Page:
The G8 could be the first signatories of a new tax transparency convention ensuring poorer countries can collect the revenues they are due and invest in hunger reduction for their citizens. It can promote open data and budgets so citizens can see how that money is being spent and it can encourage greater transparency in land deals, so it is clear whether acquisition of this precious resource is being used in the best interests of the many not the few.

David Cameron’s golden thread of development needs to weave through a complex world, one in which the group he presides over this year has waning significance. But Britain’s long established leadership on international development presents our Prime Minister with a unique opportunity to ensure that, with others, it does what it can to fix the broken food system. There is a campaign mobilising to hold their feet to the fire. If this opportunity is missed, it is far more than the relevance of this group of eight that’s at stake.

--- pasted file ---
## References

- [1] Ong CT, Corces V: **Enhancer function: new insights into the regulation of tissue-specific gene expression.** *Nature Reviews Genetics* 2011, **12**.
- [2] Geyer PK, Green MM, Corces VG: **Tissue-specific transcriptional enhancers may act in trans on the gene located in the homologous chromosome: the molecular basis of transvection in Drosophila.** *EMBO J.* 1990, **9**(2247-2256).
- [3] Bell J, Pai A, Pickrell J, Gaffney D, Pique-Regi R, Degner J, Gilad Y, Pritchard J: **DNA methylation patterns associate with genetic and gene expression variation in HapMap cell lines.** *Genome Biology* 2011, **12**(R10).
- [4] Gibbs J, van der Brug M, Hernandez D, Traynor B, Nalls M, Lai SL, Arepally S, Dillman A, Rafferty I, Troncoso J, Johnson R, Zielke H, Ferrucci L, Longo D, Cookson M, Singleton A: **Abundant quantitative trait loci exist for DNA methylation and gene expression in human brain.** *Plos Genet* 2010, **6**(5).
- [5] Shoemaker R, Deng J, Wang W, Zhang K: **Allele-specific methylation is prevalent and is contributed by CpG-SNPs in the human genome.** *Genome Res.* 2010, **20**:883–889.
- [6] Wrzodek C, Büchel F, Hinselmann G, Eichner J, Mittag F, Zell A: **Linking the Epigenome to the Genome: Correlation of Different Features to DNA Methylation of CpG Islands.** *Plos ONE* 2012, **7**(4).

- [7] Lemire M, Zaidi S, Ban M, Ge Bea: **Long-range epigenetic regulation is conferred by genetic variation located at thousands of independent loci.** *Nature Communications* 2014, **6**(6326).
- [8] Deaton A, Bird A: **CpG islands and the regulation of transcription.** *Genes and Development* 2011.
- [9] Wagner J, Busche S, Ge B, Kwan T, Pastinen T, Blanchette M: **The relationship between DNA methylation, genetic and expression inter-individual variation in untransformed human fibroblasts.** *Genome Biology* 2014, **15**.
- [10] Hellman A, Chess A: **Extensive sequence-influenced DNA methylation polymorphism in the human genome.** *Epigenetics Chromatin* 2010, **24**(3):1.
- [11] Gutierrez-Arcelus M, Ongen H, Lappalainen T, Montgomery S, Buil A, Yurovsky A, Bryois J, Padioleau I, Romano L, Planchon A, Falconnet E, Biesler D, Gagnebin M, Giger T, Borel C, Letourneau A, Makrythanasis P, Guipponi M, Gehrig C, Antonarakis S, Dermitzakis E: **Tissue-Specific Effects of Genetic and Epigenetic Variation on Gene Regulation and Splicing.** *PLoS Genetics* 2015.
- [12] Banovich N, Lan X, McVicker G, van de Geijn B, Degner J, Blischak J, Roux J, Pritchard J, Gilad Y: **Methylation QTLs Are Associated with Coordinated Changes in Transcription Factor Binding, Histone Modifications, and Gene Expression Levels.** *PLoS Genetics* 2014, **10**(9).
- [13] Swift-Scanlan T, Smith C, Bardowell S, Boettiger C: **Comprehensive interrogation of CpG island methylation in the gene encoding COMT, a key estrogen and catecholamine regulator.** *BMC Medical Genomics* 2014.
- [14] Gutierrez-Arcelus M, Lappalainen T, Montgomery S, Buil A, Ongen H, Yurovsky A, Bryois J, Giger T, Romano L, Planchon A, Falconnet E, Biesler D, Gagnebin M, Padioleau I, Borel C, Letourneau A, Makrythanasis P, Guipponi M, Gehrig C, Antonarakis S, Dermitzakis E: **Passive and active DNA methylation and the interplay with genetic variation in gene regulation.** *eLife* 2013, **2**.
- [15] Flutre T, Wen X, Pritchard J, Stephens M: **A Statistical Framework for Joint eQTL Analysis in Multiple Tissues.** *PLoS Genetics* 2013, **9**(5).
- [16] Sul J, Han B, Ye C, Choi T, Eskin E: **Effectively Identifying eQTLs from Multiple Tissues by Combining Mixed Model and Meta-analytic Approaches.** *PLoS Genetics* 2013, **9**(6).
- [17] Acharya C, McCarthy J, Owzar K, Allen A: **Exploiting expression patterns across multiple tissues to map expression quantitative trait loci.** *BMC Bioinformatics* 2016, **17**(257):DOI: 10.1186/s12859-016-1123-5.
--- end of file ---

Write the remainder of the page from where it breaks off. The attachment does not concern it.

The G8 pose for a family picture. Photograph: Getty Images

Leah Kreitzman is a senior advocacy adviser for Save the Children. She has previously worked as a Political Adviser to the Labour Party, media manager for the campaigning organisation ONE and for the Overseas Development Institute.

Photo: Getty
Show Hide image

The age of China's female self-made billionaires – and why it could soon be over

Rags to riches stories like Zhou Qunfei's are becoming less common.

Elizabeth Holmes, 33, was the darling of Silicon Valley, and the world’s youngest self-made female billionaire. Then, after a series of lawsuits, the value of her healthcare firm plummeted.

Holmes might have abdicated the billionaire crown, but another tech queen was ready to take it. Only this time, the self-made female billionaire was not a blonde American, but Zhou Qunfei, a 47-year-old from China. She dropped out of high school and began working at a watch lens factory as a teenager. In 1993, when she was in her early twenties, she founded her own company. Her big break came ten years later, when Motorola asked her to develop a glass screen for smartphones. She said yes.